“Verb+ing” clauses

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Welcome to your “Verb+ing” Clauses lesson! In this topic we talk about:
• When do we use this clause?
Simultaneous events
Consecutive events
Other uses
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When do we use this clause?

Have a look at this example: Sam was cooking breakfast. She cut her finger:

“Sam cut her finger cooking breakfast.”

You were thirsty, so you got a glass of water. You can say:

Feeling thirsty, I got myself a glass of water.”

“Cooking breakfast” and “feeling thirsty” are “+ing clauses”. If the “+ing clause” is at the beginning of the sentence (“feeling thirsty…”), we put a comma after it.

Simultaneous events

When two things happen at the same time, you can use an “+ing clause”:

“Brian is in the living room watching television.”
(He is in the living room and he is watching television.)

“He left the theatre laughing.”
(He was laughing as he left the theatre)

“Help her! Don’t just stand there tweeting!”

We also use “+ing” when one action happens during another action. We use “+ing” for the longer action:

“He broke his leg skiing.”

“Do you eat breakfast standing up?”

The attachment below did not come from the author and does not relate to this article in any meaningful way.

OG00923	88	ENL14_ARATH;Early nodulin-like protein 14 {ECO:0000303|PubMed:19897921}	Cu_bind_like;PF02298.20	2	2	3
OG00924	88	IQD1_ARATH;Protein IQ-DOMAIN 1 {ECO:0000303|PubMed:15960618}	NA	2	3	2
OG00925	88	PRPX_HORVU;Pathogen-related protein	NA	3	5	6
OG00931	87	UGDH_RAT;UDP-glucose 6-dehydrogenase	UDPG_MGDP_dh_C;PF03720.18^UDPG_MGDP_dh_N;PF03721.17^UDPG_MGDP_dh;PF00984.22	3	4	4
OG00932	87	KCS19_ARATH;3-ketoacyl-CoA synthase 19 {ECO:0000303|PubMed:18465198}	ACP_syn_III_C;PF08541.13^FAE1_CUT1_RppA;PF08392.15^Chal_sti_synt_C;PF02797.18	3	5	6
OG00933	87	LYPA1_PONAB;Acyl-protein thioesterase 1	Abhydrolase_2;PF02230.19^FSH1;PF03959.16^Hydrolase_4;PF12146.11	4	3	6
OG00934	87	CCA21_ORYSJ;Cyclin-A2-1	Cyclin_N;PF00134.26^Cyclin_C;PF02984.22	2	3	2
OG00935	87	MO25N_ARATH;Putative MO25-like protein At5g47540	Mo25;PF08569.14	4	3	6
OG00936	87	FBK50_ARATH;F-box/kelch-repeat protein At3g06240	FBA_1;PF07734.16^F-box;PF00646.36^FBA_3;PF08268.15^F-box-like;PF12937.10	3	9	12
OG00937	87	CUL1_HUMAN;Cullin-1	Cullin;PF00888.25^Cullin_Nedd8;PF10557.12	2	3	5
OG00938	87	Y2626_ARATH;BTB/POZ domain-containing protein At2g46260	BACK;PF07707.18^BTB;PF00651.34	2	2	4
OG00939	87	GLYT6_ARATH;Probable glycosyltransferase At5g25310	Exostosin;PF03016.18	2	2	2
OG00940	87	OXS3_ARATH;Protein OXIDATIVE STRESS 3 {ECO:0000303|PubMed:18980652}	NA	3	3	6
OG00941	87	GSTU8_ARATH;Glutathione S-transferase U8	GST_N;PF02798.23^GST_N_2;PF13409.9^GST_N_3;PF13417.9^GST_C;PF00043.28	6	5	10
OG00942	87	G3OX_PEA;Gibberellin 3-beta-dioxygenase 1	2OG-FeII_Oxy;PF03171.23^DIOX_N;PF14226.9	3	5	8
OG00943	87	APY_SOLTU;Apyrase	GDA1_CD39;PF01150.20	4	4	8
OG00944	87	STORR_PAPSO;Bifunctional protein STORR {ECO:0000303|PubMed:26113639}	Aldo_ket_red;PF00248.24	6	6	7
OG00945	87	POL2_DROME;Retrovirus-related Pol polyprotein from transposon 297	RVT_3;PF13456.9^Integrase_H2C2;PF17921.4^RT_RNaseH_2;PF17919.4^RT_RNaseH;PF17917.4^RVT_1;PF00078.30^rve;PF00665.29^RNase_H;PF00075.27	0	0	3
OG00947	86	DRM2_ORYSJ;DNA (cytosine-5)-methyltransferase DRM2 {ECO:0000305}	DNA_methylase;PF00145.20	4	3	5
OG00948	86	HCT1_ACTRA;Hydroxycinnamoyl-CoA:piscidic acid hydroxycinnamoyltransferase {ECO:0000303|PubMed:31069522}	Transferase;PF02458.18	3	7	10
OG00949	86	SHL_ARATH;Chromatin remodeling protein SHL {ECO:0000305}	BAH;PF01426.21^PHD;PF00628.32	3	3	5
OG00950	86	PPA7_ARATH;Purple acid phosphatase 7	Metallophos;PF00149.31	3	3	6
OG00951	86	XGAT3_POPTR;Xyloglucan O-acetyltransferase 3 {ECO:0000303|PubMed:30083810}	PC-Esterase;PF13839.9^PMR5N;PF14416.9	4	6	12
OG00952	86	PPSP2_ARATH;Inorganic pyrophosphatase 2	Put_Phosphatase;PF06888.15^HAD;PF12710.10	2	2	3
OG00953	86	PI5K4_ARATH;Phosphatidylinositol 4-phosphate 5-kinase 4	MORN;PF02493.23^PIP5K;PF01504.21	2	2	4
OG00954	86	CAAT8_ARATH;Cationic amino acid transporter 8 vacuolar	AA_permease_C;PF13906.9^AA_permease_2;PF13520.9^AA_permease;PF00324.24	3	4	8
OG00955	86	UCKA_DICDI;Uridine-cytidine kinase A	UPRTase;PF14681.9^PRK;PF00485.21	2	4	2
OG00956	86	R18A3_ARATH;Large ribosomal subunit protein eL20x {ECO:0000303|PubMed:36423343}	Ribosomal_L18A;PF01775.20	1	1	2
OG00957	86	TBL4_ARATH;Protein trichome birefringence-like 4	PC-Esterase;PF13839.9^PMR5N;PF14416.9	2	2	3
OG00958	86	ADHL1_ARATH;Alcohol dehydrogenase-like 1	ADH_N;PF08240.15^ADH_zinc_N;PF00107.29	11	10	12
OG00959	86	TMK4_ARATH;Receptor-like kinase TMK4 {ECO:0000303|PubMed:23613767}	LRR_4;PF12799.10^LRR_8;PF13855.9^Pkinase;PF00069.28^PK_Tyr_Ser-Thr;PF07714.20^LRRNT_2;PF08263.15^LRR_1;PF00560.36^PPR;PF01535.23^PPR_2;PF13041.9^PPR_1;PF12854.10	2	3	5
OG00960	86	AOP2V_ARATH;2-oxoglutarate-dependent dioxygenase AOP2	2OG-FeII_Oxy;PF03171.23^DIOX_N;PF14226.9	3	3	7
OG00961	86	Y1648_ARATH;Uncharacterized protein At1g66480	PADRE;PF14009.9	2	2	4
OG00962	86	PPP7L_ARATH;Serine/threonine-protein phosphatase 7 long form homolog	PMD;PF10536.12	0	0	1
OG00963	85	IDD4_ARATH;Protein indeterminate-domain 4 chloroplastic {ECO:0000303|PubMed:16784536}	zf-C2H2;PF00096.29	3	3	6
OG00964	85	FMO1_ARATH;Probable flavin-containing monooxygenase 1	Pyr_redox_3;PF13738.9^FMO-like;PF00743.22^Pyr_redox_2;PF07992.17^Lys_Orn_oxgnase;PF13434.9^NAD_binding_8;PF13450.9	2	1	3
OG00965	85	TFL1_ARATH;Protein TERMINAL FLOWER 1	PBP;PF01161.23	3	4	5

You can also use “+ing” after “when” or “while”:

“He broke his leg while skiing.”

“Be careful when cutting vegetables.”

Consecutive events

When one action happens before another action, we use “having + past participle” for the fist action:

Having found a job, Brian celebrated with his wife to be.”

Having finished the book, she turned off the light and went to sleep.”

You can also use “after +ing”:

“After finishing her dinner, she had a shower.”

If one short action follows another short action, you can use the simple “+ing form” for the first action:

Putting on his shoes, Mark opened the front door.”

These forms are used more in written English than in spoken English.

Other uses

You can also use an “+ing clause” to explain something, or to say why somebody does something. The “+ing” normally comes at the beginning of the sentence:

Being disabled, she finds it hard to get around.”
(because she is disabled)

Living by the beach, she constantly has a tan.”
(because she lives by the beach)

Having already tried paragliding, he wasn’t scared to do it again.”
(because he had already tried it)

Not having jobs, they can’t afford holidays.”
(because they don’t have jobs)

Again, these forms are used more in written English than in spoken English.

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